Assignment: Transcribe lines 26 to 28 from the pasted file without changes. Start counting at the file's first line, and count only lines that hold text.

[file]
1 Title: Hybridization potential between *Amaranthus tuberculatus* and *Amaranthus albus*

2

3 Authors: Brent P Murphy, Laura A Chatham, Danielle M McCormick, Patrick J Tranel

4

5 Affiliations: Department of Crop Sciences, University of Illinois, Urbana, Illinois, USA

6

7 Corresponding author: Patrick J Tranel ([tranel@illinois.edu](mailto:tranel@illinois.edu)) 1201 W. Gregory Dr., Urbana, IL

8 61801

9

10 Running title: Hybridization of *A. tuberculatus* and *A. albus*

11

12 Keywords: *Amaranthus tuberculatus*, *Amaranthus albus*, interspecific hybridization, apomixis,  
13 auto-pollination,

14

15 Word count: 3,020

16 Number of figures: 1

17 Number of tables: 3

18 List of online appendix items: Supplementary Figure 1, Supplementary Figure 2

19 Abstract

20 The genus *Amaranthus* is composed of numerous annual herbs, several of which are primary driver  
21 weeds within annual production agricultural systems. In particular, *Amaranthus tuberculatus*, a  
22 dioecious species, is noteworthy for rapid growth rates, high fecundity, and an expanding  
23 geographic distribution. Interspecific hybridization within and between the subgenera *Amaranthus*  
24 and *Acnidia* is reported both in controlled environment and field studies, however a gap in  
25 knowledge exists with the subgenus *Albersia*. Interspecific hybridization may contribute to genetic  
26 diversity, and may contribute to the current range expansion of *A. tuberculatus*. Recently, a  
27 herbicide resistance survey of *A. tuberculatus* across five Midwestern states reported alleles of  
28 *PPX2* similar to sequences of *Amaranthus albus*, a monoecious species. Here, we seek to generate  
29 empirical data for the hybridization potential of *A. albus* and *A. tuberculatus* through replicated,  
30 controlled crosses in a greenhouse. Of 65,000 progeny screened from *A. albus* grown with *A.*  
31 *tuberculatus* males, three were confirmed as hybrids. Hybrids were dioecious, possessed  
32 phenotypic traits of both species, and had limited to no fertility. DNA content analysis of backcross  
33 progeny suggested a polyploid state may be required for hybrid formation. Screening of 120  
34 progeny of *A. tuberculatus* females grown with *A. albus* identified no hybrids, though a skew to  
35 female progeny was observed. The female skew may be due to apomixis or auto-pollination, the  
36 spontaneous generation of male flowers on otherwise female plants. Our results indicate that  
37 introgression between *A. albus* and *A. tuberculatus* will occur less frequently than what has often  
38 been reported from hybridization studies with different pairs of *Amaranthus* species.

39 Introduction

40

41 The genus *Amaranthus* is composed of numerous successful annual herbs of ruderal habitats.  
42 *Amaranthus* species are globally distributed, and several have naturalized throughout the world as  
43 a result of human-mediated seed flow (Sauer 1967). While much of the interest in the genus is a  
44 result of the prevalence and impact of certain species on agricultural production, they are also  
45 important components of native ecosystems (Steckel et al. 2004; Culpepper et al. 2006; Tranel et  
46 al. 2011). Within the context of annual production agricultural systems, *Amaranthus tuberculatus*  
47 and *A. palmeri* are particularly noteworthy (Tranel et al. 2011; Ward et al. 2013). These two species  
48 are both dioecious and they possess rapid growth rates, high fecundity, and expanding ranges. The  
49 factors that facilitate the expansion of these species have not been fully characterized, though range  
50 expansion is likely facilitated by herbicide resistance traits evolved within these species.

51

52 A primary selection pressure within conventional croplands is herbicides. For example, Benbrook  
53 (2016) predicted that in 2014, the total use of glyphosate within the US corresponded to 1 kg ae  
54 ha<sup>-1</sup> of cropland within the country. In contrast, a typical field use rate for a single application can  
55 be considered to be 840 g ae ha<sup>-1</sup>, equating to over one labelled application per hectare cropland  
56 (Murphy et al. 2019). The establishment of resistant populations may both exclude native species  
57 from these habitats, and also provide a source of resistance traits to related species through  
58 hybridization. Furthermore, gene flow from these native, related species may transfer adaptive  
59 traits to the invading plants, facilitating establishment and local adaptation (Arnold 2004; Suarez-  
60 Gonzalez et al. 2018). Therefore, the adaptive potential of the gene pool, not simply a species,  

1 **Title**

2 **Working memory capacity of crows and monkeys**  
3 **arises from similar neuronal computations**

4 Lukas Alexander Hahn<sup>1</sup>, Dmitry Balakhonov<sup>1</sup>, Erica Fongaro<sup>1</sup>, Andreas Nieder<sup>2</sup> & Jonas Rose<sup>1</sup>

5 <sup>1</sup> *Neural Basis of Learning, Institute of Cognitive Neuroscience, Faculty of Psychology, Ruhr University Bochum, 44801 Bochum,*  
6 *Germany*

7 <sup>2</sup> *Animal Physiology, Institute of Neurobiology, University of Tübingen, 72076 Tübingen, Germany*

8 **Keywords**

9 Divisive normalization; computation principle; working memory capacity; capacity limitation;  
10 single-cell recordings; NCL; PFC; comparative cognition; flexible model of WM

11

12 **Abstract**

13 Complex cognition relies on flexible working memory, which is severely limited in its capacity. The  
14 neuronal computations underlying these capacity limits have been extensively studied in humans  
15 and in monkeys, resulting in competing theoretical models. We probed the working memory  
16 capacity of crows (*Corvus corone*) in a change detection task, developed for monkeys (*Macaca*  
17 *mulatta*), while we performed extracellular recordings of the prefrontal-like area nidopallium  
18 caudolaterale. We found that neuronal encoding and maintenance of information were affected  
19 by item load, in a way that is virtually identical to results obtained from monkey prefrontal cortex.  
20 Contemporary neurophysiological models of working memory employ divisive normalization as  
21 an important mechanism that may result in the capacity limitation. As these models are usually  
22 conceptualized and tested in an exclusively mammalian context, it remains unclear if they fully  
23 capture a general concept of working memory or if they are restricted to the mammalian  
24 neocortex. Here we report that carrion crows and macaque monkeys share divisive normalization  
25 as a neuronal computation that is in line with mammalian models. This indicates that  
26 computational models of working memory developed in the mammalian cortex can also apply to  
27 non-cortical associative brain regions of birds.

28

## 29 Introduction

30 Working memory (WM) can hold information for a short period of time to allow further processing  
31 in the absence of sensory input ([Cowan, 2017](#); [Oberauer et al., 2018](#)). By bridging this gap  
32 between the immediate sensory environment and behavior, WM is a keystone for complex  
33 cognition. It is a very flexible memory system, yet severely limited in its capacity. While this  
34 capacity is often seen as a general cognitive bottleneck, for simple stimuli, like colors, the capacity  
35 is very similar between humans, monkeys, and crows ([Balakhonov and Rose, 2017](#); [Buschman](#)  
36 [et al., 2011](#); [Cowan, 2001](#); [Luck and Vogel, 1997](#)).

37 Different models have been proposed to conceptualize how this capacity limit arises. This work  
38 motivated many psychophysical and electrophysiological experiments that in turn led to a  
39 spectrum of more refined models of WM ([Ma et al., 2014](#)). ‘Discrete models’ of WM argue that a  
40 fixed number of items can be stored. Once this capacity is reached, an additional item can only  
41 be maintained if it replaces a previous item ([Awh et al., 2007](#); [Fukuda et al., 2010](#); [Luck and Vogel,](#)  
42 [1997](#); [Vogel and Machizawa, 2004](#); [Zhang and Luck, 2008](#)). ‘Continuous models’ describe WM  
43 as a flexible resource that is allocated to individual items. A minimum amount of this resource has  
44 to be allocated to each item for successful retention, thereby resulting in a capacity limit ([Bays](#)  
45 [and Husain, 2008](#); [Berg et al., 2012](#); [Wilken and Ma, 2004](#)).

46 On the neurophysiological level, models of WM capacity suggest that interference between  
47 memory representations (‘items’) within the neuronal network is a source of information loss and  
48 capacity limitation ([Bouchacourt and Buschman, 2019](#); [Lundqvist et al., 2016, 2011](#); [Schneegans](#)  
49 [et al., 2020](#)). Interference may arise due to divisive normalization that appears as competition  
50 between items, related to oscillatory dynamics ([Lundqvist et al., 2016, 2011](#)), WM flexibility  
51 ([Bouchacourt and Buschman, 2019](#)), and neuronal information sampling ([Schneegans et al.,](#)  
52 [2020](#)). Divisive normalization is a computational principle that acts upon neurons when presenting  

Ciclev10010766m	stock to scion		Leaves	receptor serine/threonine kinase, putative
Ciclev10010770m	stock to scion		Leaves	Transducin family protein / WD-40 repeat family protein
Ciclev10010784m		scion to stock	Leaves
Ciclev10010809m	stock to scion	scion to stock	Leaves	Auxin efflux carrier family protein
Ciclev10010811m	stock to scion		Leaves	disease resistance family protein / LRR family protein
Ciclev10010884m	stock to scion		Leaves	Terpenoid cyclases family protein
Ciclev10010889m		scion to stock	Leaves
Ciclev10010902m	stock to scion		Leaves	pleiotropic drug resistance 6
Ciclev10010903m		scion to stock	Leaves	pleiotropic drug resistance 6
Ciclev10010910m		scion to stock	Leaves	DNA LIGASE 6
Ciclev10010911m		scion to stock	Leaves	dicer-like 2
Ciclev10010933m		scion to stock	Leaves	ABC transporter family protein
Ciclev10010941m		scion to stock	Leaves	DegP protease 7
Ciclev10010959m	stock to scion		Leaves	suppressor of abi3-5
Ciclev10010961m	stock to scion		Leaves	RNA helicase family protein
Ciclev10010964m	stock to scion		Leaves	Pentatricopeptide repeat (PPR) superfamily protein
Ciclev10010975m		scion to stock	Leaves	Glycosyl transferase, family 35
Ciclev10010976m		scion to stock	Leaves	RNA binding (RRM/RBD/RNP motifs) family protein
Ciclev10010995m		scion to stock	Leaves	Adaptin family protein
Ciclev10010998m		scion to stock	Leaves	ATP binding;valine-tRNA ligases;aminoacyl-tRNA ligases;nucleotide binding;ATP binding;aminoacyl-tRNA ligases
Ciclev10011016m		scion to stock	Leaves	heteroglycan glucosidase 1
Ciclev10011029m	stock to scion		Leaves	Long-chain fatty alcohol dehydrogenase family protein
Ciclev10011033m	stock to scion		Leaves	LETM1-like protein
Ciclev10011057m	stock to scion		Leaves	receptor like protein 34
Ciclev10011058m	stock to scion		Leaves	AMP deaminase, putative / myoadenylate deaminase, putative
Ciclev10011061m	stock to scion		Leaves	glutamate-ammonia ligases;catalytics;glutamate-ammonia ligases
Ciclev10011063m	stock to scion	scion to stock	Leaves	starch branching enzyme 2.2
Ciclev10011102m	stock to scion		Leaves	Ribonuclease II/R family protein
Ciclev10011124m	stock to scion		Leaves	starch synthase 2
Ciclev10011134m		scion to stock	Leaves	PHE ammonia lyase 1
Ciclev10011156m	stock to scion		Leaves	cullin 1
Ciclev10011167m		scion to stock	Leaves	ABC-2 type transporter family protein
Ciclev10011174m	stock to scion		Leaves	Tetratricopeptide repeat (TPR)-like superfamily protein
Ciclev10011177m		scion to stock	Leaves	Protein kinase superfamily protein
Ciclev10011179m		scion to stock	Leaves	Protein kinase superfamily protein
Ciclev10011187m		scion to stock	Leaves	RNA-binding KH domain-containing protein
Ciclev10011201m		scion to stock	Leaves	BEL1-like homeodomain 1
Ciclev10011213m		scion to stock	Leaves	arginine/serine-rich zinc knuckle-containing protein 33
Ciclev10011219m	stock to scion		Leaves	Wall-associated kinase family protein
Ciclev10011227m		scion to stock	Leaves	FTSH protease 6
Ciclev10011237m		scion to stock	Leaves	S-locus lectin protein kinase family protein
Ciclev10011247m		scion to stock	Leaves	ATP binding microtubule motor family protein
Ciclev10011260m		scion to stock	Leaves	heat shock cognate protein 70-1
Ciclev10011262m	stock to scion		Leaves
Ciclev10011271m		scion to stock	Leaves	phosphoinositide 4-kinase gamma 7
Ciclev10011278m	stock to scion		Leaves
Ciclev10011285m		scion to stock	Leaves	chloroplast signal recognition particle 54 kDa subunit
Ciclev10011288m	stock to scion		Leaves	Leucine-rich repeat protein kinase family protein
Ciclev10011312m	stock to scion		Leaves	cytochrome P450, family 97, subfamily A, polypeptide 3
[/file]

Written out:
26 diversity, and may contribute to the current range expansion of *A. tuberculatus*. Recently, a  
27 herbicide resistance survey of *A. tuberculatus* across five Midwestern states reported alleles of  
28 *PPX2* similar to sequences of *Amaranthus albus*, a monoecious species. Here, we seek to generate  